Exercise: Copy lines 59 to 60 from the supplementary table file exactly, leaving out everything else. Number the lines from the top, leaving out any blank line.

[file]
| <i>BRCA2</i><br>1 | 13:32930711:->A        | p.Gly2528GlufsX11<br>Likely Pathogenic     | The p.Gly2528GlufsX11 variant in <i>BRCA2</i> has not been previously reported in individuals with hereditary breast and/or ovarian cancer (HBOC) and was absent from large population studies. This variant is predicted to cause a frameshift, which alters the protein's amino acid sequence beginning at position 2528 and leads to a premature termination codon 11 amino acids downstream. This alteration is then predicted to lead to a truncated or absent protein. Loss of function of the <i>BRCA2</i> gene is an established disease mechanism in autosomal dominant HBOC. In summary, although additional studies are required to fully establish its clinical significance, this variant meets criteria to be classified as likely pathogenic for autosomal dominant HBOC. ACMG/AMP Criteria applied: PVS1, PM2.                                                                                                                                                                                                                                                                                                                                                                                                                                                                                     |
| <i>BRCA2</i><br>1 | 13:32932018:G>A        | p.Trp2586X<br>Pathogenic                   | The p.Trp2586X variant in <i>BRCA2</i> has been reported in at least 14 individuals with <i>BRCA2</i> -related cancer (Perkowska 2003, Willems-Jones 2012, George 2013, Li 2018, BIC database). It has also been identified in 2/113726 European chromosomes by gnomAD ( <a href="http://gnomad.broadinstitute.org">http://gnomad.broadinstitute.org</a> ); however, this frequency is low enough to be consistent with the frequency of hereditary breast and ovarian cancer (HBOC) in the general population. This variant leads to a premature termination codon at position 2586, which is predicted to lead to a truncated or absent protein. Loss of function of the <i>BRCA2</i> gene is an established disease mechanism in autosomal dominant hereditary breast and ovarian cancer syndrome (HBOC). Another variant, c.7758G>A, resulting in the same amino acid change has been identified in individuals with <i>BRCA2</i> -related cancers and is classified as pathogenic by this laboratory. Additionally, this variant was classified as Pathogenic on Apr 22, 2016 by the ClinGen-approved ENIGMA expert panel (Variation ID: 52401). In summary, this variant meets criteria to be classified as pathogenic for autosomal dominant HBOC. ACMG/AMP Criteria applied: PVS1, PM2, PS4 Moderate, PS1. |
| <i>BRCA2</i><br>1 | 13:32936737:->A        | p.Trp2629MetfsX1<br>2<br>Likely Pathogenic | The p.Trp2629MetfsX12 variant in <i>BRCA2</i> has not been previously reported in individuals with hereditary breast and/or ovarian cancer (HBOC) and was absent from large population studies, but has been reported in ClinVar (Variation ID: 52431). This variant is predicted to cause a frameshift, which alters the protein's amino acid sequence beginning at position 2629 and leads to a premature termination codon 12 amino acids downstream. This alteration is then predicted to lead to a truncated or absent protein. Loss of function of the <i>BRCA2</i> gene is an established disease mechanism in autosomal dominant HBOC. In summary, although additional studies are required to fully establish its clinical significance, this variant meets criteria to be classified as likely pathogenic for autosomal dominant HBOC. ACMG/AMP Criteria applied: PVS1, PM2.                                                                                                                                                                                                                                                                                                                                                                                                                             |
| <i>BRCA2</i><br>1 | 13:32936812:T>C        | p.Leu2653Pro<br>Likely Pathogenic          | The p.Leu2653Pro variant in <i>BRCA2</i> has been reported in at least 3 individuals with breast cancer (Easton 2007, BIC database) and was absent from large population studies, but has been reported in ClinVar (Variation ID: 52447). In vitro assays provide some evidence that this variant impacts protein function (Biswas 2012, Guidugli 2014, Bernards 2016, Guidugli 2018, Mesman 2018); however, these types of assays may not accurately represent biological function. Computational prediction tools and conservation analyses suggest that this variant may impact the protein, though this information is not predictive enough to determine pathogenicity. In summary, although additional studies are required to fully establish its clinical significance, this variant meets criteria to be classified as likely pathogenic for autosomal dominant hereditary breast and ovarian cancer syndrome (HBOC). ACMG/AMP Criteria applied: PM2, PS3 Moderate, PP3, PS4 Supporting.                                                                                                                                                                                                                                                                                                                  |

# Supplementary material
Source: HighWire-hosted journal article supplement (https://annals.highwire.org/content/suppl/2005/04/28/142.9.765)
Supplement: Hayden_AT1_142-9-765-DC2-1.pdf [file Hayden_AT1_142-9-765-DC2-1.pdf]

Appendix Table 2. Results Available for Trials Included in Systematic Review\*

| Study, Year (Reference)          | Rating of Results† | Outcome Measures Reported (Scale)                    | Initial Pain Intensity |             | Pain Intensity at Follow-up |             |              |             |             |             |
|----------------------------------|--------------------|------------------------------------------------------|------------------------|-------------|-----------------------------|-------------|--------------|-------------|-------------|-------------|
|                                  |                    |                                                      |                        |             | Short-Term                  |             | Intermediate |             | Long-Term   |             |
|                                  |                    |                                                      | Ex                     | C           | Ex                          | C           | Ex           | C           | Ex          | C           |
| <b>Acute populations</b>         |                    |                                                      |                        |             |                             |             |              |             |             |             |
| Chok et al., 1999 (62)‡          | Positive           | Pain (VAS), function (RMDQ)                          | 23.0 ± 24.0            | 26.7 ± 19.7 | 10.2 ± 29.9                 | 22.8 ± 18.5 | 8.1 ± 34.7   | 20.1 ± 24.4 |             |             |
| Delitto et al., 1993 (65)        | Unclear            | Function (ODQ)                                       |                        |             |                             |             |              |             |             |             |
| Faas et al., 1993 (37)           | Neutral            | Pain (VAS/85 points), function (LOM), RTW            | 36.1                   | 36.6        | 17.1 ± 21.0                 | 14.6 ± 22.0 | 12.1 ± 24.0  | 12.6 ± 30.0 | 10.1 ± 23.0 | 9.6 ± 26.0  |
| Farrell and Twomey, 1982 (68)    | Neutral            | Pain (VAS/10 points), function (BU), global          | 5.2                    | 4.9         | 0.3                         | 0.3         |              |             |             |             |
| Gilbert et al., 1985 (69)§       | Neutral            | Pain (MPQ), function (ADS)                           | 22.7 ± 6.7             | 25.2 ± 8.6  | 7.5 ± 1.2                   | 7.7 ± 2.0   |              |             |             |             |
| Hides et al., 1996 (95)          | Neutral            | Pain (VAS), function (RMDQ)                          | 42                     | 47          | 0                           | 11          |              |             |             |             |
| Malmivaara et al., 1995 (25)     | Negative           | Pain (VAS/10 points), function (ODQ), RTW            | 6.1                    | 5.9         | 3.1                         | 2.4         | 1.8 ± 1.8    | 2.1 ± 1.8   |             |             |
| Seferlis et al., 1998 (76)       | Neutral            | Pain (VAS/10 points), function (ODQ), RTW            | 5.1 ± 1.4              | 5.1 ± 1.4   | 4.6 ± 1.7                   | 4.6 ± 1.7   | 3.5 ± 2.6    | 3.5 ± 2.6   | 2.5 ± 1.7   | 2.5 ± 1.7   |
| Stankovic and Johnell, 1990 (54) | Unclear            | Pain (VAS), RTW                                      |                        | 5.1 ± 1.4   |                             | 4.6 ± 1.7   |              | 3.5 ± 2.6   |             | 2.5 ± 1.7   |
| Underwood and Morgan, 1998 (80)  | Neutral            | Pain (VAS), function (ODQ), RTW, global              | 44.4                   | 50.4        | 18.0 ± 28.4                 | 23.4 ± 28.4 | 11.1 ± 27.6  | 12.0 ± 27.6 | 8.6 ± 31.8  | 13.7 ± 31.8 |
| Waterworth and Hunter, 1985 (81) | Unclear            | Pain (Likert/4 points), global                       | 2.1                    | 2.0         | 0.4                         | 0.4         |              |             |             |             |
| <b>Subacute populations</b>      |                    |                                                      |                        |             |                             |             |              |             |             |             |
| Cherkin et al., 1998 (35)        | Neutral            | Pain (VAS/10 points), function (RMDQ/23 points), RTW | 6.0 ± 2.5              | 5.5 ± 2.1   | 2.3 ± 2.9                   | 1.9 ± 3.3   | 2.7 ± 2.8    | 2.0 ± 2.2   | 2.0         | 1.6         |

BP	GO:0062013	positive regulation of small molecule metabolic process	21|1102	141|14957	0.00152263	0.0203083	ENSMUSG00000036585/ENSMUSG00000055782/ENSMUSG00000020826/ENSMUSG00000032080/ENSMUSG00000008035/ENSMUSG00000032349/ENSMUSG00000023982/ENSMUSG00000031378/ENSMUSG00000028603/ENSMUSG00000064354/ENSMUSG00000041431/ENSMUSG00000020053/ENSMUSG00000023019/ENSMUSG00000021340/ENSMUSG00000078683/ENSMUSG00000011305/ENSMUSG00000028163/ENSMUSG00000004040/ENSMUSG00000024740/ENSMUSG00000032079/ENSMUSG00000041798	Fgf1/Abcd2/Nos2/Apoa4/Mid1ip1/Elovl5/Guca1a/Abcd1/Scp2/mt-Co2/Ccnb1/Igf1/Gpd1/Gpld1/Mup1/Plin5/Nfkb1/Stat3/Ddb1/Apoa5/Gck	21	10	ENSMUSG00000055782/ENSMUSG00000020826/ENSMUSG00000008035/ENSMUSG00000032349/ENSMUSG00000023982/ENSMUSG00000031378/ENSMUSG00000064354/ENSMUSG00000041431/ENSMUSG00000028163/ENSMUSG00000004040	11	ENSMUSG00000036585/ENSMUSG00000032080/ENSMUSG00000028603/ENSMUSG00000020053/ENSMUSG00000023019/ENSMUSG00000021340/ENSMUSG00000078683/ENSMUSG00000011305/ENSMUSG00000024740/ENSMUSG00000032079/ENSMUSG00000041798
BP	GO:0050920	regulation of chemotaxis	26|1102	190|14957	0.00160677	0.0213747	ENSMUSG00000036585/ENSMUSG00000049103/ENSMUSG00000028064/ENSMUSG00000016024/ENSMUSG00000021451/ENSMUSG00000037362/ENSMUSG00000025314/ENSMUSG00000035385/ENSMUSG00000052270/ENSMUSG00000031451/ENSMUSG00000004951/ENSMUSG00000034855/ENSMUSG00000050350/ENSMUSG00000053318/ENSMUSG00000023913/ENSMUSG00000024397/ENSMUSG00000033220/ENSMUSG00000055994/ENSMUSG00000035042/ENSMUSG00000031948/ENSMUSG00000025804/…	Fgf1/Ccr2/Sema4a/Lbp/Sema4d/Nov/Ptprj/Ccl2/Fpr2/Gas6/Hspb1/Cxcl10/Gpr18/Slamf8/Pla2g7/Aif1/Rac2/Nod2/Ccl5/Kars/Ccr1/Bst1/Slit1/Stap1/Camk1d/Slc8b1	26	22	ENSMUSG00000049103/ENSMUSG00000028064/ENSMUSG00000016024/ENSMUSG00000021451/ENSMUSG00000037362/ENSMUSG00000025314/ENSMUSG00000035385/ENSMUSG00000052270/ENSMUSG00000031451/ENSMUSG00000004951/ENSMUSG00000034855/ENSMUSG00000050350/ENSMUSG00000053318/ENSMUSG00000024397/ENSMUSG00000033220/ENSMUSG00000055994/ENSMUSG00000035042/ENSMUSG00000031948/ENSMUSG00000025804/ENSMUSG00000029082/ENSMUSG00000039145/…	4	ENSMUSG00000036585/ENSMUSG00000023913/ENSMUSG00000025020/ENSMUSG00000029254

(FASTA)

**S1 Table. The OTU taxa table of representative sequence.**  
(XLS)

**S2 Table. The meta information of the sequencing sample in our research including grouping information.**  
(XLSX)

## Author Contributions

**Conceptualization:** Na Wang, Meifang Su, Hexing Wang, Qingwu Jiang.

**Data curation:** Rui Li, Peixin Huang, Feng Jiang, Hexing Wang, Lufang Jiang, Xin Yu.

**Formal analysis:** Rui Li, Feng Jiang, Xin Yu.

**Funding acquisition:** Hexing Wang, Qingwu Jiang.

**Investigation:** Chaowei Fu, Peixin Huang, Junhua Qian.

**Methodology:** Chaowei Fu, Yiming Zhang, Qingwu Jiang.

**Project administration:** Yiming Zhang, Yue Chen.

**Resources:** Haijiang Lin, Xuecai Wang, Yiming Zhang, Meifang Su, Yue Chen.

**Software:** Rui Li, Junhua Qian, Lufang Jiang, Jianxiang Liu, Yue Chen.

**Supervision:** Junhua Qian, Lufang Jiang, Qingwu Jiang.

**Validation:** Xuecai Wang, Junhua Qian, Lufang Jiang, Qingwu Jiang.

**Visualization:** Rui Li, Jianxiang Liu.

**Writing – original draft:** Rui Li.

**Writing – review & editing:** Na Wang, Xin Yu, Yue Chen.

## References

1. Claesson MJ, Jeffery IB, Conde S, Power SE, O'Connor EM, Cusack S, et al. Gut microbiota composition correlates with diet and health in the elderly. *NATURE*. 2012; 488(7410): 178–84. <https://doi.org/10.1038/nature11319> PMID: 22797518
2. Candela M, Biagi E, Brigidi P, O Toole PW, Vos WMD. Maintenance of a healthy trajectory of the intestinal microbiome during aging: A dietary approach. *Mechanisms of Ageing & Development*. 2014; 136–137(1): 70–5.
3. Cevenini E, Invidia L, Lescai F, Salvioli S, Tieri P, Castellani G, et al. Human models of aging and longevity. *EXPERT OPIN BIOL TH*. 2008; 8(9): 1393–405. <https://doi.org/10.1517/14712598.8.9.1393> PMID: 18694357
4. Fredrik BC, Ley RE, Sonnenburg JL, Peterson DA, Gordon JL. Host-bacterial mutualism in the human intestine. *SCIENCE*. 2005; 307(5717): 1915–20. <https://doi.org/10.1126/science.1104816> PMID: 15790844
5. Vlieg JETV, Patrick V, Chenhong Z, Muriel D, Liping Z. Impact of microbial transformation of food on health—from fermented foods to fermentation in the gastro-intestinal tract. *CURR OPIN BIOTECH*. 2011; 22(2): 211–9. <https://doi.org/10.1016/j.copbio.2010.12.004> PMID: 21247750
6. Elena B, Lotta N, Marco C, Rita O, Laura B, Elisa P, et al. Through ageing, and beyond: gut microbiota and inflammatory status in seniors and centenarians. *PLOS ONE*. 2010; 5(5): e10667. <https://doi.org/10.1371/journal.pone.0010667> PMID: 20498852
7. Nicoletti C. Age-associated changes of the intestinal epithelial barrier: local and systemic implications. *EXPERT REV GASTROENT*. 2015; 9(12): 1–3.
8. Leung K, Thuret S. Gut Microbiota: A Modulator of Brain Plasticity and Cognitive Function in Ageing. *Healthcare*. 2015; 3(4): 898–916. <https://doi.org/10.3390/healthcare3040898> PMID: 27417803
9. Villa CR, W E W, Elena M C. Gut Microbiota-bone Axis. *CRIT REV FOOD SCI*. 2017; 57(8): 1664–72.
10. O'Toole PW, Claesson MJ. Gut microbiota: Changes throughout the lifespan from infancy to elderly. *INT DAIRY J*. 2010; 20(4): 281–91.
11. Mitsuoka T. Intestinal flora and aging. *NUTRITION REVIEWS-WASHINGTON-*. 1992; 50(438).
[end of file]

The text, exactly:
10. O'Toole PW, Claesson MJ. Gut microbiota: Changes throughout the lifespan from infancy to elderly. *INT DAIRY J*. 2010; 20(4): 281–91.
11. Mitsuoka T. Intestinal flora and aging. *NUTRITION REVIEWS-WASHINGTON-*. 1992; 50(438).